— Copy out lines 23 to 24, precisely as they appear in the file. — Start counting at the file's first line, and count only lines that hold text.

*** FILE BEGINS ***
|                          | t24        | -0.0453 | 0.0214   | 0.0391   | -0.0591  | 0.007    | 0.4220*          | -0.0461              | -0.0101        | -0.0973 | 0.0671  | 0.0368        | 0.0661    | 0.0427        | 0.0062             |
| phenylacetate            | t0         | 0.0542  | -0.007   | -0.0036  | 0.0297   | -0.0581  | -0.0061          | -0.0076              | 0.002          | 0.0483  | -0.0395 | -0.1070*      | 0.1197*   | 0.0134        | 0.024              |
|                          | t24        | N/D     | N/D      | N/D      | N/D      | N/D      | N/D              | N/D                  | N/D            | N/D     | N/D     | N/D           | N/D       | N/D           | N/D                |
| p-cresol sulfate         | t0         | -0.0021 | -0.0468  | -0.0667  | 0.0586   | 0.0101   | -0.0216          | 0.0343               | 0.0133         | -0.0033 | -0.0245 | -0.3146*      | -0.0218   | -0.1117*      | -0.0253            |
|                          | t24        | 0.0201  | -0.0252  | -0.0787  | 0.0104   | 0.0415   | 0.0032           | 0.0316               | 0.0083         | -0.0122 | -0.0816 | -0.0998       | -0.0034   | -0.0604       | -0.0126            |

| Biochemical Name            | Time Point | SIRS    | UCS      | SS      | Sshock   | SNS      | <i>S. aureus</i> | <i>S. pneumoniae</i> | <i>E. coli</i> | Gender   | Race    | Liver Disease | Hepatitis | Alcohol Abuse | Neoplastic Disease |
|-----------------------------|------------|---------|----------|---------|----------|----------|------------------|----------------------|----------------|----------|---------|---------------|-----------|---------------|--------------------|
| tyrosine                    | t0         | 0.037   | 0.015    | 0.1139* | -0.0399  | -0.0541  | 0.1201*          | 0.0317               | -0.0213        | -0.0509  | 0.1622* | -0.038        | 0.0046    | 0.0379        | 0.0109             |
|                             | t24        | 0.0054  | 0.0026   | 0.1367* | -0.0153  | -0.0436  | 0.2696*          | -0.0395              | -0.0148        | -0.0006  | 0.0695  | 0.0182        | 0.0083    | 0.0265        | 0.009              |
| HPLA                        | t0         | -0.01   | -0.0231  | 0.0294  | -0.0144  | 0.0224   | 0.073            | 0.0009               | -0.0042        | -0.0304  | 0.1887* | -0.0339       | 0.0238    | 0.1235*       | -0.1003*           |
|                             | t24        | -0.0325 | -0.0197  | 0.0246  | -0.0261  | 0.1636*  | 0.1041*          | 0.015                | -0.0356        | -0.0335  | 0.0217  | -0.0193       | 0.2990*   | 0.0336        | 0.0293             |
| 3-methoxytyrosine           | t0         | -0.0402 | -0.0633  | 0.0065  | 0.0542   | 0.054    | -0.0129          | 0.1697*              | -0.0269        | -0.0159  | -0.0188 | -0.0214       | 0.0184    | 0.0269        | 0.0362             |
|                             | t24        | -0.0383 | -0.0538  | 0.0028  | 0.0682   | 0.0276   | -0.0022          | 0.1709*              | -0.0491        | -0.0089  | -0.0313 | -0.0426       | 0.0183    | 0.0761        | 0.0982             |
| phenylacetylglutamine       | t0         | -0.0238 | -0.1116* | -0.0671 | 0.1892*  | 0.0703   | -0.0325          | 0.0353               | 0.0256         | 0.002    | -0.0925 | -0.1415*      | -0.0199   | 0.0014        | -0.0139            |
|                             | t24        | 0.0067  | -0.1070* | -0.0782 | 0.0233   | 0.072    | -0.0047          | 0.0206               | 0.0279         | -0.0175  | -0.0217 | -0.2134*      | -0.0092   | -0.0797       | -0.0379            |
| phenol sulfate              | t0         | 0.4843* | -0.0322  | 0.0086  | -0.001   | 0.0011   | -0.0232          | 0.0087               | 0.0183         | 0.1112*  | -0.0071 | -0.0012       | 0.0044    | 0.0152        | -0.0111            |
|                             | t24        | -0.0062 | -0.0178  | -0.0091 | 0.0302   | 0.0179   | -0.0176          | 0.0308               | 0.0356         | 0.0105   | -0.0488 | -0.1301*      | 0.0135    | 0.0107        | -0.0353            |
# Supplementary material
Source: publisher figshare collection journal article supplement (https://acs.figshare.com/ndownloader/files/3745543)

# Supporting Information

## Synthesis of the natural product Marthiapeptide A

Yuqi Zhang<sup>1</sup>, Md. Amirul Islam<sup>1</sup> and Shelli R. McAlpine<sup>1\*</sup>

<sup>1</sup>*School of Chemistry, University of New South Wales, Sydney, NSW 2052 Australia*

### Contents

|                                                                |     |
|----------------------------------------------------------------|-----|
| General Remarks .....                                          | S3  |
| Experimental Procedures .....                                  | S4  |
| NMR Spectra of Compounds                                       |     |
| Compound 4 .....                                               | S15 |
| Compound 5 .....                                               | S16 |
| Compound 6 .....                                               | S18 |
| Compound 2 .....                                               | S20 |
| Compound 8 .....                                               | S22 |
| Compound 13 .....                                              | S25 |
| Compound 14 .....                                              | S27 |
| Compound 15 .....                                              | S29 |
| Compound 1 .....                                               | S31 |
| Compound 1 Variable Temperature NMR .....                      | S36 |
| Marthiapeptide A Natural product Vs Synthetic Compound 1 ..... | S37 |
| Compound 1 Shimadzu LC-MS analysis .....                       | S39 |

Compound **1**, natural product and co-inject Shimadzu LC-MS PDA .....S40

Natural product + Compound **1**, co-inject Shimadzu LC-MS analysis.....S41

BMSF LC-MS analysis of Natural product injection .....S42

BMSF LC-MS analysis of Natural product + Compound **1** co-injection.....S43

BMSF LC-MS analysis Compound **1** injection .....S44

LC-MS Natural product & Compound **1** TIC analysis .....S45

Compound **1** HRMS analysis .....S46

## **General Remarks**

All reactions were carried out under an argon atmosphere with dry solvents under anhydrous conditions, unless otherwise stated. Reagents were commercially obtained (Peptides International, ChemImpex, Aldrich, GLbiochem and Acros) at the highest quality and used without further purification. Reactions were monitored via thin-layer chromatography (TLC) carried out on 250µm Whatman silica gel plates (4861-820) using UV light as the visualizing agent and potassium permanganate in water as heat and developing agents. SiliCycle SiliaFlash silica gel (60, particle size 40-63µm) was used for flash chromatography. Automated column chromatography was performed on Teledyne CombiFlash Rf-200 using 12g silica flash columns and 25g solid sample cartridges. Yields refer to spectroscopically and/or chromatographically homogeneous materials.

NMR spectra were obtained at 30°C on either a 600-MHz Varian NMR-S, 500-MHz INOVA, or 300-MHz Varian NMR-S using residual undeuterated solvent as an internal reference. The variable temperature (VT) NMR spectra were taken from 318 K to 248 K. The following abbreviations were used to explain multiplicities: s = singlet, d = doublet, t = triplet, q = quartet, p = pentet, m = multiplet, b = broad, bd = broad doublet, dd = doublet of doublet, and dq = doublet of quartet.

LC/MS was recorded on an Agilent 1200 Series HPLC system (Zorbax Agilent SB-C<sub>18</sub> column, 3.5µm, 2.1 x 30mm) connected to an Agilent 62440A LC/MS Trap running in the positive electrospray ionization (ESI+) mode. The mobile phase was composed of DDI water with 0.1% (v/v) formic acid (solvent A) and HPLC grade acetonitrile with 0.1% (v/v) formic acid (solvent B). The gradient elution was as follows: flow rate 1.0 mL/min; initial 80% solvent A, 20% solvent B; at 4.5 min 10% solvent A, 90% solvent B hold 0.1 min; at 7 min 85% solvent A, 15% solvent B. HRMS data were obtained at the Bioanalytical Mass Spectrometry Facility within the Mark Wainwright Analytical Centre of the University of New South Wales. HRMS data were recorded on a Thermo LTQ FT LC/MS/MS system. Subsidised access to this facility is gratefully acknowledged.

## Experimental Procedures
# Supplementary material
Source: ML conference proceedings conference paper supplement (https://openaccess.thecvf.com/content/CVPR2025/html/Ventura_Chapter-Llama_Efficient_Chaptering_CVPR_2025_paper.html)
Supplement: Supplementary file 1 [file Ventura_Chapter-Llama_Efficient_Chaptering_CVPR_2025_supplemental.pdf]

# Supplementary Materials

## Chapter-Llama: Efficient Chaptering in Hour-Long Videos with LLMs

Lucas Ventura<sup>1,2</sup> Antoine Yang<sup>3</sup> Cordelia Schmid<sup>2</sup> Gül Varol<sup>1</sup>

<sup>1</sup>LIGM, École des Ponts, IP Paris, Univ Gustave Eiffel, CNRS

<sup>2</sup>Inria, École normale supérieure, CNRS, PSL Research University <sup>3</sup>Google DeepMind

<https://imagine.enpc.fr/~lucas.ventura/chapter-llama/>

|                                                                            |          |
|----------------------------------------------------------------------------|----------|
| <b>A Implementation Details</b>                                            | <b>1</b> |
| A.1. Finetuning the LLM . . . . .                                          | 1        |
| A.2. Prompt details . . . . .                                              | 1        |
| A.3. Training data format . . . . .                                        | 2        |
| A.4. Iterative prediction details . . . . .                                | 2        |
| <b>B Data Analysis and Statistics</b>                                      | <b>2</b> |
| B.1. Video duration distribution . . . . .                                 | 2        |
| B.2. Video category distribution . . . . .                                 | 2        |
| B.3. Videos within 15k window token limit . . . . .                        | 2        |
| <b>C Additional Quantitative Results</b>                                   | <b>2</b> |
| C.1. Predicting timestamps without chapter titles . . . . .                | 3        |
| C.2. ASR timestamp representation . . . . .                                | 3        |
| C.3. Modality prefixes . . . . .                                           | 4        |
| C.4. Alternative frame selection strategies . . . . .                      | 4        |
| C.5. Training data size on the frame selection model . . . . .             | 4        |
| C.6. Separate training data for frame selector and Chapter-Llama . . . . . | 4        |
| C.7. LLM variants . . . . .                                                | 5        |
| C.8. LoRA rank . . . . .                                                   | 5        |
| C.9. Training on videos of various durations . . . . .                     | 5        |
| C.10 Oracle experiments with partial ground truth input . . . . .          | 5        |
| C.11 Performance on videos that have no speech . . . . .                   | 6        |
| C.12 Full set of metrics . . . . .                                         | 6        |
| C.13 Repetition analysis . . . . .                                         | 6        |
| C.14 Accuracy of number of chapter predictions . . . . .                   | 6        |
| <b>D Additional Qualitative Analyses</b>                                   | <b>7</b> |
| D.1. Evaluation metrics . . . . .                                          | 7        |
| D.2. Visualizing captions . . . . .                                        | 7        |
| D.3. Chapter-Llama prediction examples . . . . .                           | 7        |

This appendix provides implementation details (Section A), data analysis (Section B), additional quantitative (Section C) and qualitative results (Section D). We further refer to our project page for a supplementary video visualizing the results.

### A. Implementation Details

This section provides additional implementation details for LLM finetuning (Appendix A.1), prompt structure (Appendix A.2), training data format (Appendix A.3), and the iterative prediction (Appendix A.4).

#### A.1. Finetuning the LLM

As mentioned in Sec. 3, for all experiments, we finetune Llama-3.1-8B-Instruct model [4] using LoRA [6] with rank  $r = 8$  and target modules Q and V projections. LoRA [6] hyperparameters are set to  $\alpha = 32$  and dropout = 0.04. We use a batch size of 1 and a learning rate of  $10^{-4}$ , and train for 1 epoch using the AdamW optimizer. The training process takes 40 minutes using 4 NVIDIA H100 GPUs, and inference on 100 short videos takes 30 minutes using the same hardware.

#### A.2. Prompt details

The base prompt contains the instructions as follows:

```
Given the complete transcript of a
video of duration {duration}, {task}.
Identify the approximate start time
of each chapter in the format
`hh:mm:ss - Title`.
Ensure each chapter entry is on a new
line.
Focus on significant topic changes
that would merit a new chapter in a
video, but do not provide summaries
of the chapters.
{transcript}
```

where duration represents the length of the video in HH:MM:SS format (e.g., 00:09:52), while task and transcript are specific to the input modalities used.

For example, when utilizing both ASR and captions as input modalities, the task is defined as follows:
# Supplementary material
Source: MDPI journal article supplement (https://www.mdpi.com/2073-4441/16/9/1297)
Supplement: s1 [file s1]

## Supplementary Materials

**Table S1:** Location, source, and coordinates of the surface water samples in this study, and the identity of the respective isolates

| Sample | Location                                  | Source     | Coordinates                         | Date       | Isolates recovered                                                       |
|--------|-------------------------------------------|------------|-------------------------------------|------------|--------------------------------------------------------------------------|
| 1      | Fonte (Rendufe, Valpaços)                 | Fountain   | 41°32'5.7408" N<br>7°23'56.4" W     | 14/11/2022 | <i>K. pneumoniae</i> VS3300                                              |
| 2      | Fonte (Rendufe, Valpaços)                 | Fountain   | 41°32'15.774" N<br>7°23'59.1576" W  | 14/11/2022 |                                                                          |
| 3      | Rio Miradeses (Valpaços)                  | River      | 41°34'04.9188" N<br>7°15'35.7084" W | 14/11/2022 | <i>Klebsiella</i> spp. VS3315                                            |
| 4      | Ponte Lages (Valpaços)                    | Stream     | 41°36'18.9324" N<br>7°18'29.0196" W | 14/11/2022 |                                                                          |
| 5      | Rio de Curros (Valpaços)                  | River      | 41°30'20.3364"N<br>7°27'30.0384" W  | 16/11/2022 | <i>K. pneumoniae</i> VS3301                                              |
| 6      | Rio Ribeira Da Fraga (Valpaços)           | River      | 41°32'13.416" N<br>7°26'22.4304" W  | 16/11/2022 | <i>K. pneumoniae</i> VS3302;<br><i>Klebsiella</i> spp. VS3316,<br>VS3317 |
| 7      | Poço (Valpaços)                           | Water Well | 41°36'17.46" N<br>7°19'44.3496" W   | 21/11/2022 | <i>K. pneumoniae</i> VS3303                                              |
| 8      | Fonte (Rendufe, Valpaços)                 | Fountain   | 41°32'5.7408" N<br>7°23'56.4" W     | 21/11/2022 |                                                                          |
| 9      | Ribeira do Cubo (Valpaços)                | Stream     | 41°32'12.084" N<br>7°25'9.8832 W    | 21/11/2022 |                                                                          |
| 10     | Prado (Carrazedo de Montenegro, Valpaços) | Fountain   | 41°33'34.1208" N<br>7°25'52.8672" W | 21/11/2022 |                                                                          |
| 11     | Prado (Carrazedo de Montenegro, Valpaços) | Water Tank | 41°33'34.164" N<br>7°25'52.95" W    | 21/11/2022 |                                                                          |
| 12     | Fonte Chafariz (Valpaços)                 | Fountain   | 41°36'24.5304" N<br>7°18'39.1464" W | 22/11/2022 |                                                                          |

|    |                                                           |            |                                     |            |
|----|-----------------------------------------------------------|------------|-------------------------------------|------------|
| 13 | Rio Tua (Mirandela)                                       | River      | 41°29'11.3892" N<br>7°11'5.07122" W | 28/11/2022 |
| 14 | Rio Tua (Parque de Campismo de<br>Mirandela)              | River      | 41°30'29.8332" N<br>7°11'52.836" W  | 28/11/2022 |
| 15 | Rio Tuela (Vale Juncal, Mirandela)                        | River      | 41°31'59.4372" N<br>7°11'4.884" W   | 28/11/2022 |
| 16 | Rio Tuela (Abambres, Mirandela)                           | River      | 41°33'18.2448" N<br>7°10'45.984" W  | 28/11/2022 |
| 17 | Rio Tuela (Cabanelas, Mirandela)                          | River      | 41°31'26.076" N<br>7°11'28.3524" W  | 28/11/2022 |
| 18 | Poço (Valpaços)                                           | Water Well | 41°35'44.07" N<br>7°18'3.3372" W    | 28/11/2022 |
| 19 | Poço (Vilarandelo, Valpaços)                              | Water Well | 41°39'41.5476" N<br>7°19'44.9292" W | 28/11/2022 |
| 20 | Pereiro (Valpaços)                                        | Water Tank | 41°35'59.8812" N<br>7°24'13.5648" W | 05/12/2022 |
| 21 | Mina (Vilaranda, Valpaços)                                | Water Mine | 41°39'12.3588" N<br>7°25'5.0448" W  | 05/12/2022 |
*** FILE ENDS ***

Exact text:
<sup>1</sup>*School of Chemistry, University of New South Wales, Sydney, NSW 2052 Australia*

### Contents